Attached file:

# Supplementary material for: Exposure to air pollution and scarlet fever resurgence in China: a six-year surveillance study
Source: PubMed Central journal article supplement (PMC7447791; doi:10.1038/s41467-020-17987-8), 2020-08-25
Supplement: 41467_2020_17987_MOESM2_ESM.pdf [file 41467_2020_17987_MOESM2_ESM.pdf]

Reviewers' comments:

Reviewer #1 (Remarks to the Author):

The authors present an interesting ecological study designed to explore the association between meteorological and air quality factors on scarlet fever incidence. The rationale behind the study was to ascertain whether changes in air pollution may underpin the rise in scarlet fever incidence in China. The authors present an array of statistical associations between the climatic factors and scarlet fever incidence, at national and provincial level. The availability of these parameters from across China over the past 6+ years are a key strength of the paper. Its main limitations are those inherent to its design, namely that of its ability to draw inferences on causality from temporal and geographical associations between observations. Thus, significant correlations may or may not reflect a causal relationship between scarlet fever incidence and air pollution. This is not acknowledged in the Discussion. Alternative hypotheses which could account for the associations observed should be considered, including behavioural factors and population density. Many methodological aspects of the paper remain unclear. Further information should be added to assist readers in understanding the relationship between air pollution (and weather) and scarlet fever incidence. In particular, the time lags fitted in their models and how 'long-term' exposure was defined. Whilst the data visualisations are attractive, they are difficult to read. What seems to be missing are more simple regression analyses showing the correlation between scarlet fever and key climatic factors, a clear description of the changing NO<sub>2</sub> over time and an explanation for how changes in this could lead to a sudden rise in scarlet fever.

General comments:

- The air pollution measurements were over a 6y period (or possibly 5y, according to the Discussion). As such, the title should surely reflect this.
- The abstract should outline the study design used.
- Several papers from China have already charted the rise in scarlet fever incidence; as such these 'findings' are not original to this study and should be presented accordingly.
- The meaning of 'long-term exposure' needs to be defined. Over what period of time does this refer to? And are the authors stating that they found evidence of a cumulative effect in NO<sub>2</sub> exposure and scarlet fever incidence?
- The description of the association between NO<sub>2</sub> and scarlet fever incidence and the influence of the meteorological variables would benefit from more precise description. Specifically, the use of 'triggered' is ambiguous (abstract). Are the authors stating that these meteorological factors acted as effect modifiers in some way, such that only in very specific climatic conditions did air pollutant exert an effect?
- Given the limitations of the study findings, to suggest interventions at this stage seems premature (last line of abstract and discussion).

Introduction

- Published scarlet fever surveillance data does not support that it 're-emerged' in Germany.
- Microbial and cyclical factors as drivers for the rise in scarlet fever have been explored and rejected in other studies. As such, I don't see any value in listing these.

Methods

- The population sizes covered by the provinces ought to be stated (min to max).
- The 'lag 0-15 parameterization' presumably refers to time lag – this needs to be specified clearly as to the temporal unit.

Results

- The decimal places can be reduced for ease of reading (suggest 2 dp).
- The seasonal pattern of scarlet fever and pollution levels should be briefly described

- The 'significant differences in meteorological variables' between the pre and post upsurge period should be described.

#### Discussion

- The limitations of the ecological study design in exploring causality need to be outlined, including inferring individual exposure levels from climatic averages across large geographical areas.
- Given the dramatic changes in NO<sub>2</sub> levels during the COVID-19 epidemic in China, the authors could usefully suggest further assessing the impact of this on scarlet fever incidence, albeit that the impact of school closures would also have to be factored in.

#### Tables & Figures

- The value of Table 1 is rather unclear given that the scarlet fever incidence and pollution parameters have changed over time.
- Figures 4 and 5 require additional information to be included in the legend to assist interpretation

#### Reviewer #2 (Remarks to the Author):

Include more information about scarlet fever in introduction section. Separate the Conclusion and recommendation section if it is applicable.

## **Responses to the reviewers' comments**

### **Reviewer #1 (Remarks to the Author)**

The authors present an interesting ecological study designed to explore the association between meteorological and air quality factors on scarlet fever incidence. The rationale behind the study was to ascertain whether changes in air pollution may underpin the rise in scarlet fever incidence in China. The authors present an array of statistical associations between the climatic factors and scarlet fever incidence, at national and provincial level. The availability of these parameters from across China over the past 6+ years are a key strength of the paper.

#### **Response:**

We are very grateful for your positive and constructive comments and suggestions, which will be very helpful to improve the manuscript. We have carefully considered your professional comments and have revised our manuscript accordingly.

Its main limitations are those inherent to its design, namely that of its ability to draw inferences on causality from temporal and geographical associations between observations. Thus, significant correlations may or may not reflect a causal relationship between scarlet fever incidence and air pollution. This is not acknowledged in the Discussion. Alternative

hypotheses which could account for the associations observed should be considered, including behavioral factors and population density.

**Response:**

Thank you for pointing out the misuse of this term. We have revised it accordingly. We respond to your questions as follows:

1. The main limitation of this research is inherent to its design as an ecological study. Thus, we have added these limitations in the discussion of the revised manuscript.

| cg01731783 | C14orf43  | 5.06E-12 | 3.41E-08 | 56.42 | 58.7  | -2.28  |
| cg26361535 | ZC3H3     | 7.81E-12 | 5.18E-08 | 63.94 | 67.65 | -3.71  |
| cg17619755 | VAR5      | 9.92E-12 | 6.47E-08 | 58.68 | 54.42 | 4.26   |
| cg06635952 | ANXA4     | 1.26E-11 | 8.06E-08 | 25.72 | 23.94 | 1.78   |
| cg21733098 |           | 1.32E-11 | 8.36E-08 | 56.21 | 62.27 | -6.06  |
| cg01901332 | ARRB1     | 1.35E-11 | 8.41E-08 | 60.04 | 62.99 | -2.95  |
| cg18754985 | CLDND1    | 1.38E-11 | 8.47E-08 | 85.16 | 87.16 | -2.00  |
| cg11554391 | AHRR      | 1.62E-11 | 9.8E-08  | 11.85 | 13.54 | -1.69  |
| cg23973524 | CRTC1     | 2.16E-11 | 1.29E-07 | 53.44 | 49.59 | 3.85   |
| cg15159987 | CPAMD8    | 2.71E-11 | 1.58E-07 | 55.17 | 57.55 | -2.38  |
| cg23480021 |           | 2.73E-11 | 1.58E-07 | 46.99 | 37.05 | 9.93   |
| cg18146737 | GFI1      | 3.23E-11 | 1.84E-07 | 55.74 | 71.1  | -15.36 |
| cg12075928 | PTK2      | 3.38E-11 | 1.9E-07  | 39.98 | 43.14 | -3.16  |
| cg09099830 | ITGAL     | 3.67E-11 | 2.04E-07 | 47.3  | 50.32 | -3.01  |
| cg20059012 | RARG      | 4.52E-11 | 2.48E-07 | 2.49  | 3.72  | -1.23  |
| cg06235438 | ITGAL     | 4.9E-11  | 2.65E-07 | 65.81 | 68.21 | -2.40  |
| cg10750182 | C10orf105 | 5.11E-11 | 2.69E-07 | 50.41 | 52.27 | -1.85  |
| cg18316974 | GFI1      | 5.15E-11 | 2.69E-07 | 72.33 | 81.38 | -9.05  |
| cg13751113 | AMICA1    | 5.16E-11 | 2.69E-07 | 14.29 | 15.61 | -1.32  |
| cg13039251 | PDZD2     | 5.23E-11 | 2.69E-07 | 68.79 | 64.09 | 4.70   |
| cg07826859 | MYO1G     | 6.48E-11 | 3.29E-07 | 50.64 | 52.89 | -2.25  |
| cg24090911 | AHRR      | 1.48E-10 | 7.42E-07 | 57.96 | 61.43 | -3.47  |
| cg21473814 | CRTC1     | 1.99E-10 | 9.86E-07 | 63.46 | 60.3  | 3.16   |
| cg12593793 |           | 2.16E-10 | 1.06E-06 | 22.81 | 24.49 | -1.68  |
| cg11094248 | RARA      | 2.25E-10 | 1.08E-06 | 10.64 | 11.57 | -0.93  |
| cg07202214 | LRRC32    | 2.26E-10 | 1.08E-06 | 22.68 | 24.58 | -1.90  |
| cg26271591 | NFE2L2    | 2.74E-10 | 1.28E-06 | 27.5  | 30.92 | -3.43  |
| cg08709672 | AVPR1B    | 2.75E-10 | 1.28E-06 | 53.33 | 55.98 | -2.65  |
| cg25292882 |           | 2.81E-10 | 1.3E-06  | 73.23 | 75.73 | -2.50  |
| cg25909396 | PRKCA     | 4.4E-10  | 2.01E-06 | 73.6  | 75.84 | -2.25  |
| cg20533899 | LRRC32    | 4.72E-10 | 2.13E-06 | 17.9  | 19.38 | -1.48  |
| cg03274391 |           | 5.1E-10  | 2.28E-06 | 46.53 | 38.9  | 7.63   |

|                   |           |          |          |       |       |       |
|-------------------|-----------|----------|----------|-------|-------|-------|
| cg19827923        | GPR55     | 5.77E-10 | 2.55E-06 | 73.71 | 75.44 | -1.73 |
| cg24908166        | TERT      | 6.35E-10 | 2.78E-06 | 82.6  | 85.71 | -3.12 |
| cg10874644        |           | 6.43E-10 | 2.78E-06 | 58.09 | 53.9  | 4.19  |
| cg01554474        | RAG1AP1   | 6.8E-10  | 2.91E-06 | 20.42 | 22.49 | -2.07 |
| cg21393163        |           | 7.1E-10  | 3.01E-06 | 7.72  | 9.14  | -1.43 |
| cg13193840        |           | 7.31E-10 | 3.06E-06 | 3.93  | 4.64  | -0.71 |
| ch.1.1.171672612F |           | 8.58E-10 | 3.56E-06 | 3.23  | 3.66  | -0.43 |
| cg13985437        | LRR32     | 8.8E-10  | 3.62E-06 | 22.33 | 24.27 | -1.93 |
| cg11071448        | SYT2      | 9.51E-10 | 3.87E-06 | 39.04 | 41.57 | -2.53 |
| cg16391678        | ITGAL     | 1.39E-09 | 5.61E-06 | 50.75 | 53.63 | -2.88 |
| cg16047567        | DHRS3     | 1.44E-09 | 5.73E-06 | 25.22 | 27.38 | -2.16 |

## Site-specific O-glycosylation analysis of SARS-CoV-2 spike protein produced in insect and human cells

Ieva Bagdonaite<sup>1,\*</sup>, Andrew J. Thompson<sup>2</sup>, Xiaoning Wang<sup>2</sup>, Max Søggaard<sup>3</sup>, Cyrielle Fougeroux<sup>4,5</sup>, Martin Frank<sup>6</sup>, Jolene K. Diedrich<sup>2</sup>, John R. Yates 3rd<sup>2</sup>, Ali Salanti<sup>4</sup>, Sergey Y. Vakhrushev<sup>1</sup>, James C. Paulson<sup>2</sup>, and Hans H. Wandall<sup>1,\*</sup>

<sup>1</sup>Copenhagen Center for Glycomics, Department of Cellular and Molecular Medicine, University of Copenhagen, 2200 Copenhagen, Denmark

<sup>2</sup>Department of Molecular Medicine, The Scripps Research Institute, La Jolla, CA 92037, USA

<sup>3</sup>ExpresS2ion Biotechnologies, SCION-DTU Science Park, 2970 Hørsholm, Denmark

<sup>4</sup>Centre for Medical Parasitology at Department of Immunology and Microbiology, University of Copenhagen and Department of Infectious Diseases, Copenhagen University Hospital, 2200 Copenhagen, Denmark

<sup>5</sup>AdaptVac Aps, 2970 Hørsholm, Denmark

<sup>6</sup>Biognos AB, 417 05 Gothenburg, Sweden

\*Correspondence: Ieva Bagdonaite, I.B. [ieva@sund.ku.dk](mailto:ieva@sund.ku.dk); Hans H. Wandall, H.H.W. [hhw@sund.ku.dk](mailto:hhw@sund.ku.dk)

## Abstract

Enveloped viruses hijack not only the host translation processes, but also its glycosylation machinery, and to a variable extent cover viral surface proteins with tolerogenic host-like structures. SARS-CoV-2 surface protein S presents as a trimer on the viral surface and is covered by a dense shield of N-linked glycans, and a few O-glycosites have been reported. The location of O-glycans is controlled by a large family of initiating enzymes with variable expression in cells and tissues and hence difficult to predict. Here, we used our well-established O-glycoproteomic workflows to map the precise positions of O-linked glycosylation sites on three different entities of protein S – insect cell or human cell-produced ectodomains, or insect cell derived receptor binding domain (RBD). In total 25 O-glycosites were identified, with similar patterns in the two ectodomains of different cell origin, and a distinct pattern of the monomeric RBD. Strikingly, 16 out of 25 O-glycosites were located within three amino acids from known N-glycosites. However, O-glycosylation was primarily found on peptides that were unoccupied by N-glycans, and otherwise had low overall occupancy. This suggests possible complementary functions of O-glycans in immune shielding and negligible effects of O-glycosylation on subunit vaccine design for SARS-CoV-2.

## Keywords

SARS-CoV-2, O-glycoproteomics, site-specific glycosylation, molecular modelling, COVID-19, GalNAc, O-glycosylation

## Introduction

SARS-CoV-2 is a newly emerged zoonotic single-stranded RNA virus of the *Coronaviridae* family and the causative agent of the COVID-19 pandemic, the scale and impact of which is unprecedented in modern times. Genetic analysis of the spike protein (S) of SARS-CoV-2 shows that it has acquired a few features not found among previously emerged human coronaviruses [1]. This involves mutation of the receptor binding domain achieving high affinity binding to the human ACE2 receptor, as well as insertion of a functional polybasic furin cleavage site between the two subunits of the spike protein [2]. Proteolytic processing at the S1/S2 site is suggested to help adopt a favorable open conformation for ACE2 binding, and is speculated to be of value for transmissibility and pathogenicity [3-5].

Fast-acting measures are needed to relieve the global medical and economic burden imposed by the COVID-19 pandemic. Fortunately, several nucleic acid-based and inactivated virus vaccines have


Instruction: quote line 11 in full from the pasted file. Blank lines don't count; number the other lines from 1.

- The meaning of 'long-term exposure' needs to be defined. Over what period of time does this refer to? And are the authors stating that they found evidence of a cumulative effect in NO<sub>2</sub> exposure and scarlet fever incidence?